Caption by: Alan Stevens
The mid-term R2 refresh of Hyper-V Server 2008 sees Microsoft's free bare-metal hypervisor enhanced to match the capabilities of its full Windows Server 2008 R2 implementation. In essence, that means greater scalability, plus the inclusion of VM migration tools left out of the original release — including live migration with minimal downtime. However, management tools remain an extra so, by itself, Hyper-V Server 2008 R2 shouldn't be considered a self-contained virtualisation solution.
In its target enterprise market, where it will be deployed together with the full Windows Server 2008 product, Hyper-V Server makes a lot of sense. That's partly because it's free, but equally because it speeds up and simplifies server deployment. In our tests it took no more than 30 minutes to configure a new server — even less once we'd downloaded the free boot image and burned it to DVD.
The main advantage is that there's no need to install Windows before starting. Instead, Server Core is loaded as part of an automated setup routine that requires very little operator attention. That done, you end up with the same text-based GUI as the previous release, but it's easy to connect a new server to the network and join it to a domain. You can then use the same Hyper-V and Failover Cluster manager tools included with Windows Server 2008 R2 to manage the server and do things like join it to a failover cluster, create, clone and migrate VMs and so on. Also, System Centre Virtual Machine Manager 2008 (SCVMM 2008) has also been updated to provide cross-server management tools for both R2 implementations, with identical functionality regardless of whether you're using the full hypervisor or the standalone version.
Unfortunately, lower down the food chain, smaller companies may find this approach a little expensive. In which case it's tempting to leave Windows Server 2008 out of the equation and consider installing Hyper-V as a standalone solution. However, that's not necessarily a good idea, for a number of reasons.
Failover clustering and live migration are new in the R2 version of Hyper-V Server 2008, but you'll still need to add management tools.
Licensing is a an often-overlooked consideration, as with Windows Server 2008 you get a licence to run Windows Server on both a physical and a virtual machine. However, Windows licences are not included with Hyper-V Server, so you'll have to buy into Windows Server anyway, unless you already have licences you can employ — or if you only want to host Linux VMs.
Then there's management. Free management tools for Hyper-V Server are available as part of a package called Remote Server Administration Tools (RSAT). Indeed they've been around for quite a number of years, but you'll need Windows 7 to host the latest release, capable of managing Hyper-V Server 2008 R2.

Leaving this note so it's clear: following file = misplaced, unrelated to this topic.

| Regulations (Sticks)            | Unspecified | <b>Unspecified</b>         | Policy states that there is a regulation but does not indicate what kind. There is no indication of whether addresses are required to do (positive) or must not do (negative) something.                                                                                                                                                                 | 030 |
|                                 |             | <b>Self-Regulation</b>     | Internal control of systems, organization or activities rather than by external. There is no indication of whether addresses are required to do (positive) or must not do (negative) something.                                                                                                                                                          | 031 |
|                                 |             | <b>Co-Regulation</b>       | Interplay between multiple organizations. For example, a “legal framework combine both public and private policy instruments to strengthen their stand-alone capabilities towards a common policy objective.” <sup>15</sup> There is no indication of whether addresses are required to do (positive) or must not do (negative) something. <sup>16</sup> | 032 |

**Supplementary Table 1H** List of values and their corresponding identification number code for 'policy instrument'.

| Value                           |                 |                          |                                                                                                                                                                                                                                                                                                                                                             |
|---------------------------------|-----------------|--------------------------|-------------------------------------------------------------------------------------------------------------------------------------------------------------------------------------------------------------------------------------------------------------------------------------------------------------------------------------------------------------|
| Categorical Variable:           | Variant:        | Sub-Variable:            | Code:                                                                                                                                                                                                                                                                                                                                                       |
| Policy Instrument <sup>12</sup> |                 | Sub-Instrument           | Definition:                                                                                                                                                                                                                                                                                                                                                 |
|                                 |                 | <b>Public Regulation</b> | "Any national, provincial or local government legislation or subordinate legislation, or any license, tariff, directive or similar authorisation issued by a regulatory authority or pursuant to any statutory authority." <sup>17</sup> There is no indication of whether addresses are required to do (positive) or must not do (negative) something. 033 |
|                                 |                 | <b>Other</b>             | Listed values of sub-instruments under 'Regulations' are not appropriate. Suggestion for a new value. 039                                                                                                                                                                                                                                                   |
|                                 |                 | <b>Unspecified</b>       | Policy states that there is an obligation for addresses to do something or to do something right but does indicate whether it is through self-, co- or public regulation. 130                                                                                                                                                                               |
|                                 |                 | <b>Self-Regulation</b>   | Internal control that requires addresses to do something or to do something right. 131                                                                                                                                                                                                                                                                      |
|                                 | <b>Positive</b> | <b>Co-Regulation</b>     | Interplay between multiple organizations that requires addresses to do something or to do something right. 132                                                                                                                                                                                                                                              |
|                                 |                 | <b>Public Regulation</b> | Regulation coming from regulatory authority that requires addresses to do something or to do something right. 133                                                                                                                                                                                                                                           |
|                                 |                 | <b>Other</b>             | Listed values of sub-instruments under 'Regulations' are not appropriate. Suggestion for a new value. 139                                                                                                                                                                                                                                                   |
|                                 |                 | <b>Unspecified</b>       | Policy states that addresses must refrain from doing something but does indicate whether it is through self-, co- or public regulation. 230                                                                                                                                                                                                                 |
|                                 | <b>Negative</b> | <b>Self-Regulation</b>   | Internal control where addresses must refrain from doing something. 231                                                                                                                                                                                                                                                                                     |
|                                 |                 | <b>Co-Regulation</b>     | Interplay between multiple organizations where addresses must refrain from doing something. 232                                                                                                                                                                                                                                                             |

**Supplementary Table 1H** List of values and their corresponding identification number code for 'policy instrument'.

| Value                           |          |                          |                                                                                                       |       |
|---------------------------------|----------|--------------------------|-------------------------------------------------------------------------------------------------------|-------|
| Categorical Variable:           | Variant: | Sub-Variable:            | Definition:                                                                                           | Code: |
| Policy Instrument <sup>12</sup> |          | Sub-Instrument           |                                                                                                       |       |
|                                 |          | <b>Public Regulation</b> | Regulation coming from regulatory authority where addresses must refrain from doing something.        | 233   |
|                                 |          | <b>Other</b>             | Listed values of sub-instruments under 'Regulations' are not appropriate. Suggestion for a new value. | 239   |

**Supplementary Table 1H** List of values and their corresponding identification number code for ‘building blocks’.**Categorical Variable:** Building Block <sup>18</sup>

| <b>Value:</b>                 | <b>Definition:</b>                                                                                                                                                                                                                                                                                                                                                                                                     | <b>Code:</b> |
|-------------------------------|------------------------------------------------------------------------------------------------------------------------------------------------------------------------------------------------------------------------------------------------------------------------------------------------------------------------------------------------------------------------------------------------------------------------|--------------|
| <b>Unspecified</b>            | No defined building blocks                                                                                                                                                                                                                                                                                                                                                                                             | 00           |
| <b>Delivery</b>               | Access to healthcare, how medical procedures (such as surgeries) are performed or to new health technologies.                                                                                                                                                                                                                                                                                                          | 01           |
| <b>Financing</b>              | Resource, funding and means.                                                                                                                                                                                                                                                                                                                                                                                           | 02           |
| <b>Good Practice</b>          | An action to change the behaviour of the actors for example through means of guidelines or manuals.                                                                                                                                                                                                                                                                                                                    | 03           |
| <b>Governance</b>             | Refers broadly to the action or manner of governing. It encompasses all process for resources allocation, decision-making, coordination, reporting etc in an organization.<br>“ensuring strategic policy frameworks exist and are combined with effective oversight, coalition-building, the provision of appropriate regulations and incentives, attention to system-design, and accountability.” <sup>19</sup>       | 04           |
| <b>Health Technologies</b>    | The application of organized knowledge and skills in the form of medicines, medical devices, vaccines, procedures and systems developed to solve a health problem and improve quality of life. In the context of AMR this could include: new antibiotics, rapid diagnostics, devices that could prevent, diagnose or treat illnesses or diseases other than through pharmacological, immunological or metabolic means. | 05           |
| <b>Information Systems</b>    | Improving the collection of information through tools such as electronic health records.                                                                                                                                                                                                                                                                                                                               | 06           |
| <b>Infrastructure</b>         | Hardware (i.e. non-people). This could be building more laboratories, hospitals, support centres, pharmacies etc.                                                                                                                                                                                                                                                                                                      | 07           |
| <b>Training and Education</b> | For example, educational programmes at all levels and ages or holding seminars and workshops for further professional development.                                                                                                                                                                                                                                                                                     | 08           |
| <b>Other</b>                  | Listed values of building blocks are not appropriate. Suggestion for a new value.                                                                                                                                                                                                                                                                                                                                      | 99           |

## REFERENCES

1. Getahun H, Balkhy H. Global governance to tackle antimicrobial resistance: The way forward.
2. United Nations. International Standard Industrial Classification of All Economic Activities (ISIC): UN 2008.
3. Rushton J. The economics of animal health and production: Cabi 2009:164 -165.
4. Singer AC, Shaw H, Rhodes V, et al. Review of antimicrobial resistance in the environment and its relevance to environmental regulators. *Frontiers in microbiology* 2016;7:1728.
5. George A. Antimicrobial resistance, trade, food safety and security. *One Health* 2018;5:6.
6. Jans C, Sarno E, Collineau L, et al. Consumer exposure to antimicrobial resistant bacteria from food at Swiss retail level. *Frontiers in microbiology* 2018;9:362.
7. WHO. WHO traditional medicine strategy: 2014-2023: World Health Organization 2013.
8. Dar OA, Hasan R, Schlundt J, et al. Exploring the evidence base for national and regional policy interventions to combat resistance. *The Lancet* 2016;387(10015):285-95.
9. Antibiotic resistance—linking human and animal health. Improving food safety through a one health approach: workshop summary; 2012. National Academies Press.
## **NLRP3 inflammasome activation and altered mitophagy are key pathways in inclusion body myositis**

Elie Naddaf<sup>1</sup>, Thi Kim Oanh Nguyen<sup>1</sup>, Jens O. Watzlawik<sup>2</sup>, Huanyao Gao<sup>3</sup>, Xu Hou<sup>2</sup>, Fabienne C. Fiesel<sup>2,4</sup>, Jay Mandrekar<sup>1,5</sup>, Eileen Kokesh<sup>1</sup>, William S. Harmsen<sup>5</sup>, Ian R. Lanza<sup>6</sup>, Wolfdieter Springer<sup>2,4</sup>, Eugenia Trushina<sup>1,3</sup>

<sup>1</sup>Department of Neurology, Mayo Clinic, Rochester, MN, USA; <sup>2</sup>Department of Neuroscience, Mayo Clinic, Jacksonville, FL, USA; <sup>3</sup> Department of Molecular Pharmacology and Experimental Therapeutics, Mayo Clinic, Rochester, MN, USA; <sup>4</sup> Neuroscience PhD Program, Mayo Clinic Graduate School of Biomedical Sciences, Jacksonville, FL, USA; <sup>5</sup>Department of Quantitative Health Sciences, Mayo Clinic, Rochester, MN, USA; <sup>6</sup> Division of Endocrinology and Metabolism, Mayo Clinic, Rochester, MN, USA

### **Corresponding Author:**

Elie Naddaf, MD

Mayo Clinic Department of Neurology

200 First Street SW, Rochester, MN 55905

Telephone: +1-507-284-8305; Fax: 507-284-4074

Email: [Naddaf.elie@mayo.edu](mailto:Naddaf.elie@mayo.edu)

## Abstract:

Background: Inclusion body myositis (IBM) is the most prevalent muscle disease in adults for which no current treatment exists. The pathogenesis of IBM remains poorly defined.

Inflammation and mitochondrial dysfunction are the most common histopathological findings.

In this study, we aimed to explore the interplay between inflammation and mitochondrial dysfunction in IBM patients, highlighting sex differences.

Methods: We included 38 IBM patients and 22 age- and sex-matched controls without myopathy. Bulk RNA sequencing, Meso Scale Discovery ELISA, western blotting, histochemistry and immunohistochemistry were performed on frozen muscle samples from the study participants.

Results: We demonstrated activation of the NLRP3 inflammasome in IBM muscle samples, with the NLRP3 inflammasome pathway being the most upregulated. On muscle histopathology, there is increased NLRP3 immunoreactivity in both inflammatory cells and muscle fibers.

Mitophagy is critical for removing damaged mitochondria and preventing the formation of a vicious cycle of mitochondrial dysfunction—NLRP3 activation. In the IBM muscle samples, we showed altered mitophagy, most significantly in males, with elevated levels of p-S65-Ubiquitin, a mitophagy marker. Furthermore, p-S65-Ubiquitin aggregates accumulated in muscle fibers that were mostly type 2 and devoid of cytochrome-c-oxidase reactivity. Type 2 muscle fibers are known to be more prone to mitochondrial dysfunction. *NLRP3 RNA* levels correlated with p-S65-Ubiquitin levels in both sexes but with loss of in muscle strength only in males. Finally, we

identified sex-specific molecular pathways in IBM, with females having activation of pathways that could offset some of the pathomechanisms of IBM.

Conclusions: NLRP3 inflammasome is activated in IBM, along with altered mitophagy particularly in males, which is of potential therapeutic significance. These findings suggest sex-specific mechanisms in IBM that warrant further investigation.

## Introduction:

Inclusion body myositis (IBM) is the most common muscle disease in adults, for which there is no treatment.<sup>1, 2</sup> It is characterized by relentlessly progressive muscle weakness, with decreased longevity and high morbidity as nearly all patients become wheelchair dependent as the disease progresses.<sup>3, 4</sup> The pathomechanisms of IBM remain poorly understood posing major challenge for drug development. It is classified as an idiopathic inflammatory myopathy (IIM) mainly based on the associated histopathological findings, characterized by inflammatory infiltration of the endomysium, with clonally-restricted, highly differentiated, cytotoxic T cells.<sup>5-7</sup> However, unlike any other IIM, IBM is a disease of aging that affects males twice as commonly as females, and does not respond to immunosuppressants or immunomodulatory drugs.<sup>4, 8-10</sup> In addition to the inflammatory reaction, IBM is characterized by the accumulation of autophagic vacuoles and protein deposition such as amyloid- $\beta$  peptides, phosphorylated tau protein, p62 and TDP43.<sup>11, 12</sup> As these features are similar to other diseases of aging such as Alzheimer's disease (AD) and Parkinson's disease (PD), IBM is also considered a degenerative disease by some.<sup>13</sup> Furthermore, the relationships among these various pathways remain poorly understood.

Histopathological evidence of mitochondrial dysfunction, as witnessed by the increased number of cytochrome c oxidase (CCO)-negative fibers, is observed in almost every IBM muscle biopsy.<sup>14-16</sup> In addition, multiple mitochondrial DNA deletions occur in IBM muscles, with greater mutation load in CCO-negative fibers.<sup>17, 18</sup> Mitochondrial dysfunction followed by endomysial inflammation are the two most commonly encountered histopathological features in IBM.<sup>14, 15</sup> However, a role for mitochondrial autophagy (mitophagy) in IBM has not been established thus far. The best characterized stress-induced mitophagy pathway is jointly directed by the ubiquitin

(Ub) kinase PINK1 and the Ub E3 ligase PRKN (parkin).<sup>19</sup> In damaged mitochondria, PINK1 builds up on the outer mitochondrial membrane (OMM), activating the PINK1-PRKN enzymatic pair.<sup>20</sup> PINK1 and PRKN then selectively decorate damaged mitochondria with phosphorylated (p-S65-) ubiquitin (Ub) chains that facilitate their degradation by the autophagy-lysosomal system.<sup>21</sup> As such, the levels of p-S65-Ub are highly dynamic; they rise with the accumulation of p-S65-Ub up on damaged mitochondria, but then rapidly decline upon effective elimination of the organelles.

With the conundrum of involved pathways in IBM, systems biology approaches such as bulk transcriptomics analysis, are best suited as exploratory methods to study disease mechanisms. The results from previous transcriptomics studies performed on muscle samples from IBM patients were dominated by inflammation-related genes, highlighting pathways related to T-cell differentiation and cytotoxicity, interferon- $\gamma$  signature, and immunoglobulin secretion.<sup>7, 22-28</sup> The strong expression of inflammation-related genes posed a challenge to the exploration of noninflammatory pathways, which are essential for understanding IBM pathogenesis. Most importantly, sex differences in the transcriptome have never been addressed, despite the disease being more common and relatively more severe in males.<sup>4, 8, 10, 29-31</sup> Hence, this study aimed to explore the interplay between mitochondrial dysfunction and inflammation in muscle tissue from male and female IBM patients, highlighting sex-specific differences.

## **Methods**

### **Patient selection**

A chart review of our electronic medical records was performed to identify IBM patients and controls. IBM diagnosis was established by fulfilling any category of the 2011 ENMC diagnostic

We expected to find an RSAT link on the Hyper-V Server website, but there wasn't one and we had to spend some time searching for the download (which can only be installed on PCs running the Enterprise, Professional or Ultimate editions of Windows 7).
The RSAT tools are no harder to install than any other application. However, we had problems connecting them to our test server — especially on a workgroup network, where we ended up switching to a domain network. This was perplexing as we'd expect a workgroup setup to be pretty common and we've had no such issues when deploying other hypervisors from Citrix, Parallels and VMware, all of which bundle management tools with their products — including the free ones.
Once up and running, the RSAT tools are pretty straightforward, with a very similar front end to those included in Windows Server. Moreover, what you end up with is a scalable virtualisation platform that now matches the full Windows Server 2008 R2 hypervisor. That means support for host servers with up to eight processors or 64 cores, plus 1TB of RAM. Up to 384 VMs can now be hosted by each server (double the limit in the original version), with up to 512 virtual processors in total and a maximum of 64GB of RAM and 2TB of disk space per VM.
You also get core parking and hot swapping of virtual SCSI disks, plus live migration and the failover clustering needed to support it. These features may not be that important for smaller companies but, regardless of who you are, Hyper-V Server 2008 R2 has a lot to offer. Just bear in mind that it may not be the free virtualisation ride it seems.
Caption by: Alan Stevens